Risk management tool will put pulse growers on a level playing field with traditional grain producers
U.S. pulse growers hope a new revenue based crop insurance program will help fight off the relentless competition from corn and soybeans.
After 13 years of lobbying, the sector has finally achieved crop insurance parity with cereals and oilseeds.
A four-year pilot program starting March 1 will provide pulse growers with a revenue option for their crops in key pulse producing states.
The program will be launched for peas, lentils and chickpeas in North Dakota, Montana, Washington and Idaho.
It will also be available for pinto, black, great northern and red kidney beans in North Dakota and Minnesota.
It will be available only in counties within those states that have a history of producing those crops and cover most of the states’ major production areas.
Tim McGreevy, chief executive officer of the USA Dry Pea and Lentil Council, said it will be nice for pulse growers to have both a yield and a revenue insurance option for their crops.
“Given the volatility of markets that we’ve seen in the past five or six years, there has been a move in the U.S. towards revenue type insurance to cover the price risk that producers have faced here in the past several marketing years,” he said.
McGreevy said revenue insurance levels the playing field with crops such as corn, soybeans, wheat and barley.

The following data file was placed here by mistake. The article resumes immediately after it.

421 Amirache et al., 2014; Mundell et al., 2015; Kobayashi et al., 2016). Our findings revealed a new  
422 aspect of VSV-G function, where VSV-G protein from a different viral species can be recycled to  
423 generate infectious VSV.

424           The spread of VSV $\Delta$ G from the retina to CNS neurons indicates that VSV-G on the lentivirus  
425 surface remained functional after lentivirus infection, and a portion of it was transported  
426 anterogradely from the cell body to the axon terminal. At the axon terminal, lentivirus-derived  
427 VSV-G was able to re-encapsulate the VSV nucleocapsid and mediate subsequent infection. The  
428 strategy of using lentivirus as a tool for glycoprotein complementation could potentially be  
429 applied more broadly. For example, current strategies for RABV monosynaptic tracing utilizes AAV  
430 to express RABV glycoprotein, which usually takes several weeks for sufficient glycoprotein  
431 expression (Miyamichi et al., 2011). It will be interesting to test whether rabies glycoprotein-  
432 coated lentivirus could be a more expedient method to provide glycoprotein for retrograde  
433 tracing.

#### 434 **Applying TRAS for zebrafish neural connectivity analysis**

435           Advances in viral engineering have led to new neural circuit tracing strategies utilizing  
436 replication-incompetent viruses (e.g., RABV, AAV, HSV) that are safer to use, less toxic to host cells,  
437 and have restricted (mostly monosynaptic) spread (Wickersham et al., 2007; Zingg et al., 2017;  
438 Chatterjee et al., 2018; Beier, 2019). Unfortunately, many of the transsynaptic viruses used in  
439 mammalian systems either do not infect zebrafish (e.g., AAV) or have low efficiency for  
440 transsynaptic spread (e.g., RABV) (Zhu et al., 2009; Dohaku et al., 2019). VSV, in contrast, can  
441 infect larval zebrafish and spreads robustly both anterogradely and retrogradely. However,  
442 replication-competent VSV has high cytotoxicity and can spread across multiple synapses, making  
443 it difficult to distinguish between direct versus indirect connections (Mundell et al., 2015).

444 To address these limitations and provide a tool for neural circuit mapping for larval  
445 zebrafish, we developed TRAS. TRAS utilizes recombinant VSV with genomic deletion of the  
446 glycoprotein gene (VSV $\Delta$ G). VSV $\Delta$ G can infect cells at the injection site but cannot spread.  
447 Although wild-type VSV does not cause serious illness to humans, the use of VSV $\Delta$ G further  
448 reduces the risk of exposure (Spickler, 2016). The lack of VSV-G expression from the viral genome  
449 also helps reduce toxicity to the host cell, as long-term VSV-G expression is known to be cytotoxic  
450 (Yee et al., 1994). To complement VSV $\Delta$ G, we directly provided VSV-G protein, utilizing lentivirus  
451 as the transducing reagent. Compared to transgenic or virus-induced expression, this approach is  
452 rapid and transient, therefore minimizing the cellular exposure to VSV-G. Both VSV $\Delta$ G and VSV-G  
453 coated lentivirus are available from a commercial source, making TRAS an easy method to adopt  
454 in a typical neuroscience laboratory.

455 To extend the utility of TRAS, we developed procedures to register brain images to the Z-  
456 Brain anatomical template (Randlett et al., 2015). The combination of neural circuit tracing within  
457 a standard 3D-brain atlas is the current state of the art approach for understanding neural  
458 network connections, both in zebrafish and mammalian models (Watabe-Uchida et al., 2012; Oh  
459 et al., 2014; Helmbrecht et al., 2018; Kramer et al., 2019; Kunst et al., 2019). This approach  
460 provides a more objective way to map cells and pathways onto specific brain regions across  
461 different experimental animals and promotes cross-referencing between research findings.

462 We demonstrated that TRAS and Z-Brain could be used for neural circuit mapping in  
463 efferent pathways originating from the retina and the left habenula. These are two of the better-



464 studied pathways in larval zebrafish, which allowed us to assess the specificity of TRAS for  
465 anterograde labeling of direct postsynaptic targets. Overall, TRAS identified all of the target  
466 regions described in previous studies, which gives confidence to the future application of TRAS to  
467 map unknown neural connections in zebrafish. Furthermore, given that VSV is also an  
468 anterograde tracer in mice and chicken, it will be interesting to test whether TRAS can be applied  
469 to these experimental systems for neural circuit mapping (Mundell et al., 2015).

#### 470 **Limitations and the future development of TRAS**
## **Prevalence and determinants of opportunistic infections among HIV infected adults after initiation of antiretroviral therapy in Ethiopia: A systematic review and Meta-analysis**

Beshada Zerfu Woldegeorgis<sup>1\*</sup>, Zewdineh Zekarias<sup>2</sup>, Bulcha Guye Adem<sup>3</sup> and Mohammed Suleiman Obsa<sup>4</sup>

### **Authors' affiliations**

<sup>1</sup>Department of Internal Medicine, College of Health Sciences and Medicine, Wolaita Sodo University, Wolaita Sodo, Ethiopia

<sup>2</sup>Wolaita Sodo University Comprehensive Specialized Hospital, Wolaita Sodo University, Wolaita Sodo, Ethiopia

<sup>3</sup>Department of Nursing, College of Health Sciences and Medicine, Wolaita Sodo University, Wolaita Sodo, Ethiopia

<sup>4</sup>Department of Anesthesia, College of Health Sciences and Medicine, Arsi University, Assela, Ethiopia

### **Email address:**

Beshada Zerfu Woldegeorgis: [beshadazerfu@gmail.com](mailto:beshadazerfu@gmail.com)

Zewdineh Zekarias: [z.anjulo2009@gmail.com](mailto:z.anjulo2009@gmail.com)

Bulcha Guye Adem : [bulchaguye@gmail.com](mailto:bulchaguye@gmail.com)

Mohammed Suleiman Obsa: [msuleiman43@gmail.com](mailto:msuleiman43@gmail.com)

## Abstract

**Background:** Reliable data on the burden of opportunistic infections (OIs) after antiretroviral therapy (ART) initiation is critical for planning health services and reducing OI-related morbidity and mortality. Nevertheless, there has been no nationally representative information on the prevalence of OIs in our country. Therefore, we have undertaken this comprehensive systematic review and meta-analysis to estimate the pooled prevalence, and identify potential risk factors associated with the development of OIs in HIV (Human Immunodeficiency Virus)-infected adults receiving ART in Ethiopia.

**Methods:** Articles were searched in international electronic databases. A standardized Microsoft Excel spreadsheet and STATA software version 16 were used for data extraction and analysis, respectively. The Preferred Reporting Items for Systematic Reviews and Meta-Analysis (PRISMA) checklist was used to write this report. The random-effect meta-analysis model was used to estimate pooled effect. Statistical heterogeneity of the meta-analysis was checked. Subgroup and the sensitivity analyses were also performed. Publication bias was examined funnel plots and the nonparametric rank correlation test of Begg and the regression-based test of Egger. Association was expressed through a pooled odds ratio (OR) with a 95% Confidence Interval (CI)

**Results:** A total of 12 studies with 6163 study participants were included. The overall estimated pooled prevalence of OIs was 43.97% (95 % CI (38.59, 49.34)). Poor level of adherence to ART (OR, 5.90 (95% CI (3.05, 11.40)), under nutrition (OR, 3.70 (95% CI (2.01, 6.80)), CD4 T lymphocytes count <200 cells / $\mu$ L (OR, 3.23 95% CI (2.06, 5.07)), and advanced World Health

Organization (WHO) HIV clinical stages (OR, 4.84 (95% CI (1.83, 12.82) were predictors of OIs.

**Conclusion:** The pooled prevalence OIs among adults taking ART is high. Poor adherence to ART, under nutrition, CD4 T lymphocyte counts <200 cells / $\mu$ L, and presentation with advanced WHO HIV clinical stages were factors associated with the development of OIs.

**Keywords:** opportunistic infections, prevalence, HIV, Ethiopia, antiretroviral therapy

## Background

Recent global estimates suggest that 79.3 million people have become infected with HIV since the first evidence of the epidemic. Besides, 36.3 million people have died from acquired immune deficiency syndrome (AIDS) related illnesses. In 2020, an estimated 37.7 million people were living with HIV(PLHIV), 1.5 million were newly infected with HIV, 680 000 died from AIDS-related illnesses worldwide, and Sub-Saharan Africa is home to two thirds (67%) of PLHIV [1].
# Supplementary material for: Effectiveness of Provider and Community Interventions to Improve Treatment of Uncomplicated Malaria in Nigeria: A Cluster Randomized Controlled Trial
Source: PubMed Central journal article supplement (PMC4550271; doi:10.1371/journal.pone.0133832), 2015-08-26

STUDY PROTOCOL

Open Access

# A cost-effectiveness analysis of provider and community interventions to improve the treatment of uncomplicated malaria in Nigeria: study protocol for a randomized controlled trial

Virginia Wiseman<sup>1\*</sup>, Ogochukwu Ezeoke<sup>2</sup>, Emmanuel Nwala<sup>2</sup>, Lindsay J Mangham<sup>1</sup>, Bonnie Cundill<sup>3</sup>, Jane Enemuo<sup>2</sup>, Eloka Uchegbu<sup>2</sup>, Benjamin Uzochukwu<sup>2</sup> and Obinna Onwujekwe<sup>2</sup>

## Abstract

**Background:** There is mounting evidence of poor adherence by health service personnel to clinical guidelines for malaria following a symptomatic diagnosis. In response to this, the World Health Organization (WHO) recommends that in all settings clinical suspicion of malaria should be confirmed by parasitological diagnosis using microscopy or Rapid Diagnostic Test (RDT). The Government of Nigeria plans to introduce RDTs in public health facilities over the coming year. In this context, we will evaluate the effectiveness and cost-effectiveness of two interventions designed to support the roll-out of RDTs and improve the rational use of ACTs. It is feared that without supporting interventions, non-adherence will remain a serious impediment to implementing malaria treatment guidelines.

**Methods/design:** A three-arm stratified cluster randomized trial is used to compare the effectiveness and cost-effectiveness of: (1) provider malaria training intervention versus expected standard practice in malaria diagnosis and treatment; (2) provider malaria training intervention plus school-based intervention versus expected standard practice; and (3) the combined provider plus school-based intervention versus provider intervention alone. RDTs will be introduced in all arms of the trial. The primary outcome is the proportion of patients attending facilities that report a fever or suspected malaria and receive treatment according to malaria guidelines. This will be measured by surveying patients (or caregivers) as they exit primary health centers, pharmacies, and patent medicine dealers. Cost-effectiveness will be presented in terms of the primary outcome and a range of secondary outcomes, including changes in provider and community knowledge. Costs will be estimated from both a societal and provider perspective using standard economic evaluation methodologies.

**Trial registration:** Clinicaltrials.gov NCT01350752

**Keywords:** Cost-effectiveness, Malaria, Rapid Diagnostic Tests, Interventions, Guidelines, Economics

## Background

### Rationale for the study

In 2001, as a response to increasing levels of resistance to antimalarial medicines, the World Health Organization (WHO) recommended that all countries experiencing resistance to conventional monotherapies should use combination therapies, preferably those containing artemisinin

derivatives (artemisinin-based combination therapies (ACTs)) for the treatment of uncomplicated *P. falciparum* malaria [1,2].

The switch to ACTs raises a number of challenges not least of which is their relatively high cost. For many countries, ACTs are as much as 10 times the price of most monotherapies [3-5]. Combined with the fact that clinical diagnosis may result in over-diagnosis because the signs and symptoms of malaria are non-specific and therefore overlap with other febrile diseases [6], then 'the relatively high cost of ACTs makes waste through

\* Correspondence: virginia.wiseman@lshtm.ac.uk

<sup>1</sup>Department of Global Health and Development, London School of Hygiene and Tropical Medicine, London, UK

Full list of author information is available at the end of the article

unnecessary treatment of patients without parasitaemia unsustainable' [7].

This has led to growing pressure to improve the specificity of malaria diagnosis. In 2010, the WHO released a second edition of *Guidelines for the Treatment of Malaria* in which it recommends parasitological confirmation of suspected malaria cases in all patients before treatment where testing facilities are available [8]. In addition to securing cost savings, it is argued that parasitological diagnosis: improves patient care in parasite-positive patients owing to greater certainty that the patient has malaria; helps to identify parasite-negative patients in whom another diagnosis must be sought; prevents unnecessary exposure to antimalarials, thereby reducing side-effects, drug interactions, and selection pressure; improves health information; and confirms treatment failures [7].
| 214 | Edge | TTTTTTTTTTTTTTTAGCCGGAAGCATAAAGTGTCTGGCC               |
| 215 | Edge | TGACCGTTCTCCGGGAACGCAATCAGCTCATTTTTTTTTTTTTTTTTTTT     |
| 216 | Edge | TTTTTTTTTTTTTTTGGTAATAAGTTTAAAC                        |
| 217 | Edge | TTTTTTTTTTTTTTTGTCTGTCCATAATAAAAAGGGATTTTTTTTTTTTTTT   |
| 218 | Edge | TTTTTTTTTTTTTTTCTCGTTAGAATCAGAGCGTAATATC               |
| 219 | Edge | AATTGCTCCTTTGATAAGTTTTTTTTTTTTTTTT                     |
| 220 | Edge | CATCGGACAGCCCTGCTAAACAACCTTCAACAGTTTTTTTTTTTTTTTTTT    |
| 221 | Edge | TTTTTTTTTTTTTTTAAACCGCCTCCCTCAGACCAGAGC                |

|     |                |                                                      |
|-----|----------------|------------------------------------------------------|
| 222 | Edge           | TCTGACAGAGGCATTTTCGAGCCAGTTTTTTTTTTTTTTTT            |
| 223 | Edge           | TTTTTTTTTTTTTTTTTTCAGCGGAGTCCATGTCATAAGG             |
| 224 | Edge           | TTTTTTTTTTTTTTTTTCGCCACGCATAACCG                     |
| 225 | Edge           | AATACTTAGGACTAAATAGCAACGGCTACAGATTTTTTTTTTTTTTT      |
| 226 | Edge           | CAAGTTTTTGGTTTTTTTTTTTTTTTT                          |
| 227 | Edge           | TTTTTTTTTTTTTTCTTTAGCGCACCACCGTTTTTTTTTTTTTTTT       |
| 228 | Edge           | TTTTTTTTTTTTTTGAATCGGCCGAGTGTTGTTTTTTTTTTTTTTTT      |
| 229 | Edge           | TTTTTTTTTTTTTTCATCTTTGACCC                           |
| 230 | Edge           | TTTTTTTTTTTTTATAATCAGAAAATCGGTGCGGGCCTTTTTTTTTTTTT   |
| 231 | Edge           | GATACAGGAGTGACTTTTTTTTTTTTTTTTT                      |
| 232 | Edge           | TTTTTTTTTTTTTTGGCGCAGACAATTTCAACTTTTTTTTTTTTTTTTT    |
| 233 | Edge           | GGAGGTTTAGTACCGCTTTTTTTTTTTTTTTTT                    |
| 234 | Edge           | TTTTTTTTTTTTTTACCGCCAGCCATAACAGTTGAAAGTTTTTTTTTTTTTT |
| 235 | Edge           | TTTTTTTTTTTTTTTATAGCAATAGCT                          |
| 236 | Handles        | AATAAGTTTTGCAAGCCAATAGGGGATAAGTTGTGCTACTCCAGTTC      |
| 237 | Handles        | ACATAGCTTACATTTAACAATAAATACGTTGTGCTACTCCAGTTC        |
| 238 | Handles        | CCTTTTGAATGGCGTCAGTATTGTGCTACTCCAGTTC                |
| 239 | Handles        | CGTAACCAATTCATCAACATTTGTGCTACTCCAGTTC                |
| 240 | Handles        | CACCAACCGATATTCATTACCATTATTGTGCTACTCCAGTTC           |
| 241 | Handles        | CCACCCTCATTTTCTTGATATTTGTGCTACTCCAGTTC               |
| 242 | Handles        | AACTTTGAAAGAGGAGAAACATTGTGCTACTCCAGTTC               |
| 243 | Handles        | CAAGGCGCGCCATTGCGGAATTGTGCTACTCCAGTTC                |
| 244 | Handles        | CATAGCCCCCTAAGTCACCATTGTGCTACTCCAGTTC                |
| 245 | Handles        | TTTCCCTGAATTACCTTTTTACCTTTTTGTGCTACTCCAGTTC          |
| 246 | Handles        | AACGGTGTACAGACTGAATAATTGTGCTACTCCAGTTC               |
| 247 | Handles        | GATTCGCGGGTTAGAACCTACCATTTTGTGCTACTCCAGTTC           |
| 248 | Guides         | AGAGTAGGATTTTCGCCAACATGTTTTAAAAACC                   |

Dick Wittman, past chair of the council, said the previous crop insurance program left a lot to be desired.
“A common comment from growers was, ‘why buy the coverage? When you get to a loss claim situation, the fine print figures out a way to never pay,’ ” he said in a news release.
“Finally, we have a risk management tool that puts us on a more level playing field with traditional grain producers.”
Pulse crops have been losing ground to corn and soybeans, especially in North Dakota.
Growers planted 8.4 million acres of corn and soybeans in the state last year, up two million acres from five years ago.
They seeded 1.1 million acres of beans, peas and lentils, down 180,000 acres from five years ago.
McGreevy doesn’t think a pulse crop revenue insurance program will increase pea, lentil, chickpea and bean acres, but it could help prevent further erosion of pulse acres.
“Will it have a big impact on acreage in these areas? It’s not going to hurt, but I think it’s more neutral,” he said.
“It just (allows pulses) to compete with the other crops that already have it.”
Revenue insurance will work for some growers but not others. Prices farmers can insure against won’t be released until March 1, so it’s hard to compare insurance programs.
However, McGreevy expects the revenue program to be at least 15 percent more expensive than yield insurance.
He hopes the program will become a permanent fixture after the four-year trial run.
In the meantime, the immediate outlook for pulses is good because prices have been attractive with the exception of lentils.
“We expect to at least hold our acreage and probably increase our acreage from last year,” said McGreevy.